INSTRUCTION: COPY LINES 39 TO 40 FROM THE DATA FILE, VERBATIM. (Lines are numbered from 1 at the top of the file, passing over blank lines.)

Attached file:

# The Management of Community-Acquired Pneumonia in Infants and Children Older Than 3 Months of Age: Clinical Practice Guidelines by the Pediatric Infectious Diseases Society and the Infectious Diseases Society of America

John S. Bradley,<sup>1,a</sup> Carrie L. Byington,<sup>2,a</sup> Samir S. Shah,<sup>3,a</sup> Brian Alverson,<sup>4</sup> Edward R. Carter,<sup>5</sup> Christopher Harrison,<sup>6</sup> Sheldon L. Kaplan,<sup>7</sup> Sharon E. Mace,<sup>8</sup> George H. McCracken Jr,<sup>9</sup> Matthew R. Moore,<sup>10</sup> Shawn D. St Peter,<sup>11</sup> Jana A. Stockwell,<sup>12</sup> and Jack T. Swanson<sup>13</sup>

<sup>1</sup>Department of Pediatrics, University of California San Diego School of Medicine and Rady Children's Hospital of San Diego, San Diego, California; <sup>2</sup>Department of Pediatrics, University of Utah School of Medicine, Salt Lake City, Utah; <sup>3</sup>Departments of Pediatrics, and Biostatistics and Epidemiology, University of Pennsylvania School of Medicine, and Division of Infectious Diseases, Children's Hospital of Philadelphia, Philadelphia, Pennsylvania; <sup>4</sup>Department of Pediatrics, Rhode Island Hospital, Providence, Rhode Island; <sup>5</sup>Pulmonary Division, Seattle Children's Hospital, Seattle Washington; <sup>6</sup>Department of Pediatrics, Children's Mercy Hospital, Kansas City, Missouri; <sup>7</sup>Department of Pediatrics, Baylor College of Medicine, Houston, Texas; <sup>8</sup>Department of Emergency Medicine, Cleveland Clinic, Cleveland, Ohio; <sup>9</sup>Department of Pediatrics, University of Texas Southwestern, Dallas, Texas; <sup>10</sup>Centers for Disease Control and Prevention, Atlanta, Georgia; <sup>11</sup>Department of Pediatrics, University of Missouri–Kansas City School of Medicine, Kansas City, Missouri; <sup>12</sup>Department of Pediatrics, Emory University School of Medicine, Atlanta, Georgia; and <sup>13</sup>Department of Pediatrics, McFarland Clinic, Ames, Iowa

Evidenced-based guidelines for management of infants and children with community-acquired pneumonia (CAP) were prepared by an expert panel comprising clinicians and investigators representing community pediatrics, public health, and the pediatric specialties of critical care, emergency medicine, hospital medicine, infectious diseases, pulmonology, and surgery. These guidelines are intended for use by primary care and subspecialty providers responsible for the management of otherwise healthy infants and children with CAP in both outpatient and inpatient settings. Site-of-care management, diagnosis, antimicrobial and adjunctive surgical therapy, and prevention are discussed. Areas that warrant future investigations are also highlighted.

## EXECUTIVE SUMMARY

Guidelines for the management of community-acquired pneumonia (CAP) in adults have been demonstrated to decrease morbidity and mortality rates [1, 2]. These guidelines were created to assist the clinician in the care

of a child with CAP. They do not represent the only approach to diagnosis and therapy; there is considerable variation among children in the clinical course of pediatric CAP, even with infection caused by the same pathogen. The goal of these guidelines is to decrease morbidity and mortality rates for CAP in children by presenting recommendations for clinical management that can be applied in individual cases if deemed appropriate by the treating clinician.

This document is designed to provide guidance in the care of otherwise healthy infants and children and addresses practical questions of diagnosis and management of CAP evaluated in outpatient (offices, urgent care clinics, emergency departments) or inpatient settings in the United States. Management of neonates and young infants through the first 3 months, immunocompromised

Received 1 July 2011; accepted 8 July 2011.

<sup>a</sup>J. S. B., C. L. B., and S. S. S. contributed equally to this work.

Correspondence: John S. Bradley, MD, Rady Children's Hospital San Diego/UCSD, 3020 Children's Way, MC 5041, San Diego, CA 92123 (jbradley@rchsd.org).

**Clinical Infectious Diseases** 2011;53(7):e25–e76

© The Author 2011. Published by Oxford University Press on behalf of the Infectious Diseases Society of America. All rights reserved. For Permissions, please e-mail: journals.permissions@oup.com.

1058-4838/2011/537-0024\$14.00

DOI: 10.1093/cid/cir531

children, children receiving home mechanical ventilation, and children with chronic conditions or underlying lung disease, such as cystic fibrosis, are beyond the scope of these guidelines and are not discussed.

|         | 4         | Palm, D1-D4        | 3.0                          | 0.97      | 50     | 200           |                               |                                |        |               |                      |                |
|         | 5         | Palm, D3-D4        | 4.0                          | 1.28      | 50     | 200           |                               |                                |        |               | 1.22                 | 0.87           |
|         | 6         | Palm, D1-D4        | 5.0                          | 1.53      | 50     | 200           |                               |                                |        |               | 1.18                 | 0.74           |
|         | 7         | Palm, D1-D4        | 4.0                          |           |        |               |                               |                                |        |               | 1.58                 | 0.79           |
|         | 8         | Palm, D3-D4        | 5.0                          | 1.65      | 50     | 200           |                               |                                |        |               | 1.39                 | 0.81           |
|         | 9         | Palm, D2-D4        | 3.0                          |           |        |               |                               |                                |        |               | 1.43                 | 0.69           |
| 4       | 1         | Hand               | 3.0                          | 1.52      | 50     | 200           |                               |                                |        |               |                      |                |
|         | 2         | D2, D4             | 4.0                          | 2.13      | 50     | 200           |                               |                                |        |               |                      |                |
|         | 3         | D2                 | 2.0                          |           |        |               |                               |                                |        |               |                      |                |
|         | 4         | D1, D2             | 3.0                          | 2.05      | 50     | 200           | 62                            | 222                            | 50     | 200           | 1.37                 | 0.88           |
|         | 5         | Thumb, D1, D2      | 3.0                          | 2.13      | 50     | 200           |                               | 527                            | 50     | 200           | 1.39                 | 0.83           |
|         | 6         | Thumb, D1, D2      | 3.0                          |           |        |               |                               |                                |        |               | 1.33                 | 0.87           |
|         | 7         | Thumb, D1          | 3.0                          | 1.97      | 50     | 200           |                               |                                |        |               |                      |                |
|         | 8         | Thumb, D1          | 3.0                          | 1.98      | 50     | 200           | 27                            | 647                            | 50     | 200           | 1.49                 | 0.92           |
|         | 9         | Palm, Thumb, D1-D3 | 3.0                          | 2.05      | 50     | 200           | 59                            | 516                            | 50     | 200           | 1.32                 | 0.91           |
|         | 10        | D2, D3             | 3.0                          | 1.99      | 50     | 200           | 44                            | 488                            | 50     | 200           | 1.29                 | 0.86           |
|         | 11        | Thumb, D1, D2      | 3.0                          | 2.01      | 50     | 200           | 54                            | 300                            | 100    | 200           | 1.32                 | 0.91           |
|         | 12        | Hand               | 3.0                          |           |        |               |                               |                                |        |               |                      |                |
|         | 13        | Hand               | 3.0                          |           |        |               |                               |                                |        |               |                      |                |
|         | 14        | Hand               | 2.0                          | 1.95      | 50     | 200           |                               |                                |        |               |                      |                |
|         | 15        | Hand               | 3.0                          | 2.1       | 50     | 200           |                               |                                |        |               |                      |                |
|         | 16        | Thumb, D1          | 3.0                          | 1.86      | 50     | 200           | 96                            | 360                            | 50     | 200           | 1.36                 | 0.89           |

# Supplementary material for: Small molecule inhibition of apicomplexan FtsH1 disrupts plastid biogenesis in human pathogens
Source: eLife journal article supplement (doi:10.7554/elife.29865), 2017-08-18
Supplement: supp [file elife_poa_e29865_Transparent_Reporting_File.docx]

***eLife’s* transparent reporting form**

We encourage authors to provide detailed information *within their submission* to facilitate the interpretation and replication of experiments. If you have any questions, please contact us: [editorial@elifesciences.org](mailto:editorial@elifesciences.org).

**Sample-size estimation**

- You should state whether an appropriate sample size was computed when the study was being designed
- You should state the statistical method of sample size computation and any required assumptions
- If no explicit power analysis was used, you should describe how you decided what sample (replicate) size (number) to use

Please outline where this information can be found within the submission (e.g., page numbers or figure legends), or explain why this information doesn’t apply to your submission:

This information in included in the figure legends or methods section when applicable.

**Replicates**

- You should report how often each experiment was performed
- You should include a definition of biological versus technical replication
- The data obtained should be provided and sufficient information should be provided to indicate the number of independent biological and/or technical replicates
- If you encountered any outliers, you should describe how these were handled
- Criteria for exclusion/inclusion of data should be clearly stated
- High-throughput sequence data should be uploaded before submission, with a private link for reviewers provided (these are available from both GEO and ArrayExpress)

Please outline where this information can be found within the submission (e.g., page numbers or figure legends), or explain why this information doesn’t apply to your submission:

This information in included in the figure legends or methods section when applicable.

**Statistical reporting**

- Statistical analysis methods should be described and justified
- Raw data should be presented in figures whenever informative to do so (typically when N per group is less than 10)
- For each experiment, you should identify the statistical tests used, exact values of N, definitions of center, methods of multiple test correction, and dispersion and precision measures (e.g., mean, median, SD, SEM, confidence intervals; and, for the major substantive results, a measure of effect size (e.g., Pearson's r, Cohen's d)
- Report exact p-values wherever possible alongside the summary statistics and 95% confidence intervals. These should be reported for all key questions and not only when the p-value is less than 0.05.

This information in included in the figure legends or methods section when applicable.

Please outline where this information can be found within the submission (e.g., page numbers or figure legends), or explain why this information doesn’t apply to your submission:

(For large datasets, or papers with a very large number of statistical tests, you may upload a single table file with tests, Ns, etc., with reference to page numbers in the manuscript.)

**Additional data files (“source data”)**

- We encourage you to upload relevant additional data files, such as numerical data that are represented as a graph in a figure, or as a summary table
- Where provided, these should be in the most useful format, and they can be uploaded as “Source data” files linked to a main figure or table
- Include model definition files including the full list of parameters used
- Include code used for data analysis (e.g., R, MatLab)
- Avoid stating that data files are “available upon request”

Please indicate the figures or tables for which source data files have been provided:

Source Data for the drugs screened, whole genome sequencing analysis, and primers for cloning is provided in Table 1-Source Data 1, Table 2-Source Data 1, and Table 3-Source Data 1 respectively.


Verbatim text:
# Supplementary material for: Small molecule inhibition of apicomplexan FtsH1 disrupts plastid biogenesis in human pathogens
Source: eLife journal article supplement (doi:10.7554/elife.29865), 2017-08-18